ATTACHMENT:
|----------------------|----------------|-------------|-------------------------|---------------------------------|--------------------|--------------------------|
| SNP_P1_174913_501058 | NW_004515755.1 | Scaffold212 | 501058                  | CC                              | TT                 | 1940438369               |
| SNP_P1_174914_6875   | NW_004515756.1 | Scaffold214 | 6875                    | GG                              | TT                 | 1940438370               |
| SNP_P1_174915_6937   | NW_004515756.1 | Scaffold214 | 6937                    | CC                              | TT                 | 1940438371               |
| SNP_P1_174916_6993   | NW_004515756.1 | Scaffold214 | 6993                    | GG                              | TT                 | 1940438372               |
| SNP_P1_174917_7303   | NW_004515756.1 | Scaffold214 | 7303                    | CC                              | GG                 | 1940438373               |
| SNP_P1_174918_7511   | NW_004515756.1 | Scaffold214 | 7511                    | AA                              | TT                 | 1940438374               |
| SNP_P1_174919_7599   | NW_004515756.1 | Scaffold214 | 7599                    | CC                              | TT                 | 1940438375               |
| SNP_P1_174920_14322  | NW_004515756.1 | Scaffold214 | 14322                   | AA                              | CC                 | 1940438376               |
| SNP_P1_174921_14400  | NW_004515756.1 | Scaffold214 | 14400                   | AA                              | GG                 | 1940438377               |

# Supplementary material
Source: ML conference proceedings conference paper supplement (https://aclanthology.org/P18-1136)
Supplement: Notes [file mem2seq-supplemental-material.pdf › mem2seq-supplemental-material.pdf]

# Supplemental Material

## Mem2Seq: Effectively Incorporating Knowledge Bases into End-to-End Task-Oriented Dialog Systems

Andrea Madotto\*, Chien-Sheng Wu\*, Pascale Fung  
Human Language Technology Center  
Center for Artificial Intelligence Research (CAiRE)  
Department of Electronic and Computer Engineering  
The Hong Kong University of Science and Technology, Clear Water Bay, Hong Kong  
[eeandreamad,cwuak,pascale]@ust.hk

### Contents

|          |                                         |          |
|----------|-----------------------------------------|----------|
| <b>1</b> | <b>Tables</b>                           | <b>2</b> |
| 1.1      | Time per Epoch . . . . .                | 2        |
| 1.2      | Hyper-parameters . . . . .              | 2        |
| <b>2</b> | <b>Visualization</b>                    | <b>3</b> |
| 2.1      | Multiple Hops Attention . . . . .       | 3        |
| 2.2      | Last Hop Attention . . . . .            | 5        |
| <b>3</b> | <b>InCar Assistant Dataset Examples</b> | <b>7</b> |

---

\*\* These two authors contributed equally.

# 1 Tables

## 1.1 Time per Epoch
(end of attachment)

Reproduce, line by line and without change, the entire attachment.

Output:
|----------------------|----------------|-------------|-------------------------|---------------------------------|--------------------|--------------------------|
| SNP_P1_174913_501058 | NW_004515755.1 | Scaffold212 | 501058                  | CC                              | TT                 | 1940438369               |
| SNP_P1_174914_6875   | NW_004515756.1 | Scaffold214 | 6875                    | GG                              | TT                 | 1940438370               |
| SNP_P1_174915_6937   | NW_004515756.1 | Scaffold214 | 6937                    | CC                              | TT                 | 1940438371               |
| SNP_P1_174916_6993   | NW_004515756.1 | Scaffold214 | 6993                    | GG                              | TT                 | 1940438372               |
| SNP_P1_174917_7303   | NW_004515756.1 | Scaffold214 | 7303                    | CC                              | GG                 | 1940438373               |
| SNP_P1_174918_7511   | NW_004515756.1 | Scaffold214 | 7511                    | AA                              | TT                 | 1940438374               |
| SNP_P1_174919_7599   | NW_004515756.1 | Scaffold214 | 7599                    | CC                              | TT                 | 1940438375               |
| SNP_P1_174920_14322  | NW_004515756.1 | Scaffold214 | 14322                   | AA                              | CC                 | 1940438376               |
| SNP_P1_174921_14400  | NW_004515756.1 | Scaffold214 | 14400                   | AA                              | GG                 | 1940438377               |

# Supplementary material
Source: ML conference proceedings conference paper supplement (https://aclanthology.org/P18-1136)
Supplement: Notes [file mem2seq-supplemental-material.pdf › mem2seq-supplemental-material.pdf]

# Supplemental Material

## Mem2Seq: Effectively Incorporating Knowledge Bases into End-to-End Task-Oriented Dialog Systems

Andrea Madotto\*, Chien-Sheng Wu\*, Pascale Fung  
Human Language Technology Center  
Center for Artificial Intelligence Research (CAiRE)  
Department of Electronic and Computer Engineering  
The Hong Kong University of Science and Technology, Clear Water Bay, Hong Kong  
[eeandreamad,cwuak,pascale]@ust.hk

### Contents

|          |                                         |          |
|----------|-----------------------------------------|----------|
| <b>1</b> | <b>Tables</b>                           | <b>2</b> |
| 1.1      | Time per Epoch . . . . .                | 2        |
| 1.2      | Hyper-parameters . . . . .              | 2        |
| <b>2</b> | <b>Visualization</b>                    | <b>3</b> |
| 2.1      | Multiple Hops Attention . . . . .       | 3        |
| 2.2      | Last Hop Attention . . . . .            | 5        |
| <b>3</b> | <b>InCar Assistant Dataset Examples</b> | <b>7</b> |

---

\*\* These two authors contributed equally.

# 1 Tables

## 1.1 Time per Epoch